Georgia withdraws ‘foreign agents’ bill after protests

“It was a Russian law that had to be recalled and should not have gone through parliament under any conditions,” said Nika Oboladze, a 32-year-old Tbilisi resident.

“Those who proposed the law are responsible for all this mess. Because 90% of Georgians support European integration and nothing should stop that,” he added.

Kremlin spokesman Dmitry Peskov said Moscow was “concerned” by events in Tbilisi, and said that the Georgian bill bore no relation to Russian laws.

“The Kremlin didn’t inspire anything there, the Kremlin has absolutely nothing to do with it. … If I understand it correctly, one version was very similar to an equivalent law in the United States,” Peskov said.

The European Union’s delegation to Georgia welcomed the decision to withdraw the bill, writing on Twitter: “We encourage all political leaders in Georgia to resume pro-EU reforms, in an inclusive & constructive way.”

Parliament gave the draft law initial approval on Tuesday but tens of thousands of protesters then gathered outside parliament, some throwing petrol bombs, stones and plastic bottles at police. The authorities said dozens were detained.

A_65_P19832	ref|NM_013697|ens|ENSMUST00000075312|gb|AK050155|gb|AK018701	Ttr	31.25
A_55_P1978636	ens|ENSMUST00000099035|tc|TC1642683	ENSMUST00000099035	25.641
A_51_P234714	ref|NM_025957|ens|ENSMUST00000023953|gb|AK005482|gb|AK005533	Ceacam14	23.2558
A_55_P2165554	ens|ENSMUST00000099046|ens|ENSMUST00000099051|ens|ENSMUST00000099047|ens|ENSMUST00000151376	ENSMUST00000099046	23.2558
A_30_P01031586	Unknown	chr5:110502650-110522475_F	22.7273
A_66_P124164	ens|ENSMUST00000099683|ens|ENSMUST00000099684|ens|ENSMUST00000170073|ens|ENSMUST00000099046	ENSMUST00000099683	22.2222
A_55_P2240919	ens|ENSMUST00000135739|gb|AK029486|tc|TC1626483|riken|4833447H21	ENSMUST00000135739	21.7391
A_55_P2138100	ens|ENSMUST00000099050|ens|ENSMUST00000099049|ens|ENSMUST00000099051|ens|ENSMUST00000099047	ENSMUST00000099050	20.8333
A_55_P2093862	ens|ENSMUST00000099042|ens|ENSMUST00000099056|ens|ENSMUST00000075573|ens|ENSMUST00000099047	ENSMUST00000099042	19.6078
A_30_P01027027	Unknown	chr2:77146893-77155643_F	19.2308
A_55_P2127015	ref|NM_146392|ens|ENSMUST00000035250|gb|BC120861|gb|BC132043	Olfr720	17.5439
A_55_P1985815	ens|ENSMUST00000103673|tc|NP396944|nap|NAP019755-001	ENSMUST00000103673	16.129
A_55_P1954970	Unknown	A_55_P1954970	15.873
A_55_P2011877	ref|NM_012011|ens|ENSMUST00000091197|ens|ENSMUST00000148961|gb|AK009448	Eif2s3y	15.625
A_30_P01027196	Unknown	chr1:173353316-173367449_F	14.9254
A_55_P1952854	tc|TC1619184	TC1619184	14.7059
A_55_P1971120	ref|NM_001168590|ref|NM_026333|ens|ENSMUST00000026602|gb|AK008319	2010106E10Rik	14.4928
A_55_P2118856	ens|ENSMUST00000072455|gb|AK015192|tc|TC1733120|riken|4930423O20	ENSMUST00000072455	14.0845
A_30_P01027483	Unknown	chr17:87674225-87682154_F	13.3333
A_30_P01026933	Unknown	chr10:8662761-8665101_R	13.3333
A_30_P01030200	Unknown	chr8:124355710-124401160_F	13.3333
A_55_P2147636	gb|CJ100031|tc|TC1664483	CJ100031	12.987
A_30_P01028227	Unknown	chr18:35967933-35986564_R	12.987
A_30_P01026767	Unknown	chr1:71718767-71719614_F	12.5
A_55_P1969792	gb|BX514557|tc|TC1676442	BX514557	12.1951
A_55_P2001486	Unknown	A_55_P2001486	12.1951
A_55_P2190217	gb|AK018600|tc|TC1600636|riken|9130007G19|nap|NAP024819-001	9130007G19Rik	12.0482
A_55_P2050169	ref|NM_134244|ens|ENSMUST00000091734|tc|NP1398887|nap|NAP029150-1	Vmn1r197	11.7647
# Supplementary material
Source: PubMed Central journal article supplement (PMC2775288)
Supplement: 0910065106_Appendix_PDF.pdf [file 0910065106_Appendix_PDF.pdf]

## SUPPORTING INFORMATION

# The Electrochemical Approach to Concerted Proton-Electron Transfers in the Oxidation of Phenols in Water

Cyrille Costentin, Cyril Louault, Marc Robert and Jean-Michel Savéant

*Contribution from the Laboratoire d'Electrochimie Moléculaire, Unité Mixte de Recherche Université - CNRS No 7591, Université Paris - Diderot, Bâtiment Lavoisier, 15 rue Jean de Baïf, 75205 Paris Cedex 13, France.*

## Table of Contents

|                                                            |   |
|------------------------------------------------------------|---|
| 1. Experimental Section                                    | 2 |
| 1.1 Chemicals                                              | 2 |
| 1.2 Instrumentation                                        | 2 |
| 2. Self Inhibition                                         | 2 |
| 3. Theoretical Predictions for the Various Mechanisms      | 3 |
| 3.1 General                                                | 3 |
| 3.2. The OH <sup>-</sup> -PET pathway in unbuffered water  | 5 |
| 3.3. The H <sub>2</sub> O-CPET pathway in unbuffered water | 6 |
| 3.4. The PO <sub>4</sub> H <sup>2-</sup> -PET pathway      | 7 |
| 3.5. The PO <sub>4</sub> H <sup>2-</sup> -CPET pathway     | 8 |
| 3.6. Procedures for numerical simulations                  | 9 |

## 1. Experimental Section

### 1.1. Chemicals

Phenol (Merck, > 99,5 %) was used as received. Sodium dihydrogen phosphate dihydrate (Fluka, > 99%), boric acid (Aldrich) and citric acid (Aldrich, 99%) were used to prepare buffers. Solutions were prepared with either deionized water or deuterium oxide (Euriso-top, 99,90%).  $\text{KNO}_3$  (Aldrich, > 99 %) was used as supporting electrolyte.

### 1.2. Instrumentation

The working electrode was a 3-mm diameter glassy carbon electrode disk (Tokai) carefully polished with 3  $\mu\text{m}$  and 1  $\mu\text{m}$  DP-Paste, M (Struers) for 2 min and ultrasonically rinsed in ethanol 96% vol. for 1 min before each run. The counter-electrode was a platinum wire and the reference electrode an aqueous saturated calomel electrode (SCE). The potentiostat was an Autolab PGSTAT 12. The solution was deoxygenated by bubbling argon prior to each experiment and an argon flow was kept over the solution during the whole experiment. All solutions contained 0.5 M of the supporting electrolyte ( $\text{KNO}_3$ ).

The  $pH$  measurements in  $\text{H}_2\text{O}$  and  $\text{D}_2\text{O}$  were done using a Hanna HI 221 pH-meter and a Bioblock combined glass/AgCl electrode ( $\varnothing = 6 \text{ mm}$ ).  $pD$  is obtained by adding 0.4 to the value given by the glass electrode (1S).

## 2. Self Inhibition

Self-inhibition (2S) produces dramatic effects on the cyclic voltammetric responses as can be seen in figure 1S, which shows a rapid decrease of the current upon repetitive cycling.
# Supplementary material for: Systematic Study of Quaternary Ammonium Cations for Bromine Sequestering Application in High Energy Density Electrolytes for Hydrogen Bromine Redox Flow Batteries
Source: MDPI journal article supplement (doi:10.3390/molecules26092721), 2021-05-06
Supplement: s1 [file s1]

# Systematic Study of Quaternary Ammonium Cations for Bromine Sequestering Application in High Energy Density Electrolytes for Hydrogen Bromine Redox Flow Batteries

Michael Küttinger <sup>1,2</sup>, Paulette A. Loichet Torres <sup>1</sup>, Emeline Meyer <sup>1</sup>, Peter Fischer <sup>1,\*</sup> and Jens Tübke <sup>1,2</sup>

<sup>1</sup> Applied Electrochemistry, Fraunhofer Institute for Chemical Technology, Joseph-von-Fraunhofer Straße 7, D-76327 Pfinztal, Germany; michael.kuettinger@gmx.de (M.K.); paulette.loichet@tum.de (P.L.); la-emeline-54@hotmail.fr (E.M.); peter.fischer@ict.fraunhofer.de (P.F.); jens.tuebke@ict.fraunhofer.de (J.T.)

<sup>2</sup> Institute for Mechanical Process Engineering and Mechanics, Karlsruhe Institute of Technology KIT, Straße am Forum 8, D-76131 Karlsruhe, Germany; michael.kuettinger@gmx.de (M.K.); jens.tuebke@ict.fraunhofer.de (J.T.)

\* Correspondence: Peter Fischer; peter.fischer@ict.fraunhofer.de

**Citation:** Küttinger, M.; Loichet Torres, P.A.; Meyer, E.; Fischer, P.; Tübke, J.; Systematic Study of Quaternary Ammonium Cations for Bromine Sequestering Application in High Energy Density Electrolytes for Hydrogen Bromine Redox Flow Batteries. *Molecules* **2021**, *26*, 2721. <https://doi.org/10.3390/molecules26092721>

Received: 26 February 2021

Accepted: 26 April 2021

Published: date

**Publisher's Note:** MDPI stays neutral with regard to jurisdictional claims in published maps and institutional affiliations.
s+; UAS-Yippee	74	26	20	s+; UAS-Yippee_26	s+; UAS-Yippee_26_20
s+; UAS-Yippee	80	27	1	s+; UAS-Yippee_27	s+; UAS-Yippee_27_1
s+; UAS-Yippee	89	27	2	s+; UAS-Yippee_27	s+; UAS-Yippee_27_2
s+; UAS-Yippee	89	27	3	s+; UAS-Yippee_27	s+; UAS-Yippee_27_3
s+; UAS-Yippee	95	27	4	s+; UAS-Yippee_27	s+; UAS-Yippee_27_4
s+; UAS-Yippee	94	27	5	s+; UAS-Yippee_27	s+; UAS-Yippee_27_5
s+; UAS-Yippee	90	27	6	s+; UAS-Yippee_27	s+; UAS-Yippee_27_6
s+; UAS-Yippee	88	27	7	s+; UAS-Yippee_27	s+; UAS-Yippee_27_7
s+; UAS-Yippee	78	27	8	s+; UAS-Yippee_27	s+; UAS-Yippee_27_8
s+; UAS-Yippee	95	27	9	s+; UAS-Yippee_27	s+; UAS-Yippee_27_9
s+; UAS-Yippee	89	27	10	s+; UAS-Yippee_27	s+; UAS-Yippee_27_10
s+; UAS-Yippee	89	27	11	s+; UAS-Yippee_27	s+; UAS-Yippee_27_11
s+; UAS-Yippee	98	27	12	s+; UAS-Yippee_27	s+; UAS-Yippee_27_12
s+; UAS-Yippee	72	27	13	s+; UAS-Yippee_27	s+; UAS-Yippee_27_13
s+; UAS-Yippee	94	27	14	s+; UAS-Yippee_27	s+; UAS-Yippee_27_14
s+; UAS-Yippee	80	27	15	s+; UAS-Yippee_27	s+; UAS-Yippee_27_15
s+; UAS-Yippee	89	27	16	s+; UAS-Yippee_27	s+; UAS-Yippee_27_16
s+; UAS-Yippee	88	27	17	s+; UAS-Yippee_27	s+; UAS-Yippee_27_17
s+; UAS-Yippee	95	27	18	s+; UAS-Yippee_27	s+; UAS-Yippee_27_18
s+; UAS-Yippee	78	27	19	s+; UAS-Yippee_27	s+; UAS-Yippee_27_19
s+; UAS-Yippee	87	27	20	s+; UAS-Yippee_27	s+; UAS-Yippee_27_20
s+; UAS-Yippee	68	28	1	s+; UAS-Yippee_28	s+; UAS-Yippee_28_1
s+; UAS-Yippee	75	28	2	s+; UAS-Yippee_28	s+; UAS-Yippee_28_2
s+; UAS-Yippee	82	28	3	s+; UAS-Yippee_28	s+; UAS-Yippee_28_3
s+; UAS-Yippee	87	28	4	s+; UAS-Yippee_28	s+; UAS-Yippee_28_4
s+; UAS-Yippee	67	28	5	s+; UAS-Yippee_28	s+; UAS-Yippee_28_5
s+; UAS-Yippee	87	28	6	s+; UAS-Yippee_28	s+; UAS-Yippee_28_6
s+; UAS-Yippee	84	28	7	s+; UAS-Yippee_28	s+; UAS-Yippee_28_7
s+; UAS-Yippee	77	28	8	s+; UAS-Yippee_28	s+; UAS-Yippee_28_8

Police used tear gas, water cannon and stun grenades to break up a second night of protests on Wednesday.

The bill has deepened a rift between Georgian Dream, which has a parliamentary majority, and President Salome Zourabichvili, a pro-European who has moved away from the party since being elected with its support in 2018.

Zourabichvili had said she would veto the bill, though parliament can override her.

Georgia’s opposition has long criticized Georgian Dream for what it sees as excessive closeness to Moscow. Anti-Russian feeling runs high in Georgia over Moscow’s backing for separatists in two breakaway regions, which led to a short war between the two countries in 2008.

The bill had angered supporters of Georgian membership of the EU, after officials in Brussels condemned the draft law and said it would complicate Tbilisi’s path to joining the bloc.

Opinion polls show a consistent majority of Georgians in favor of joining the European Union and NATO. All major parties, including Georgian Dream, support the idea.

Last year, Brussels declined to grant Georgia E.U. candidate status alongside Moldova and Ukraine, citing stalled political and judicial reforms.

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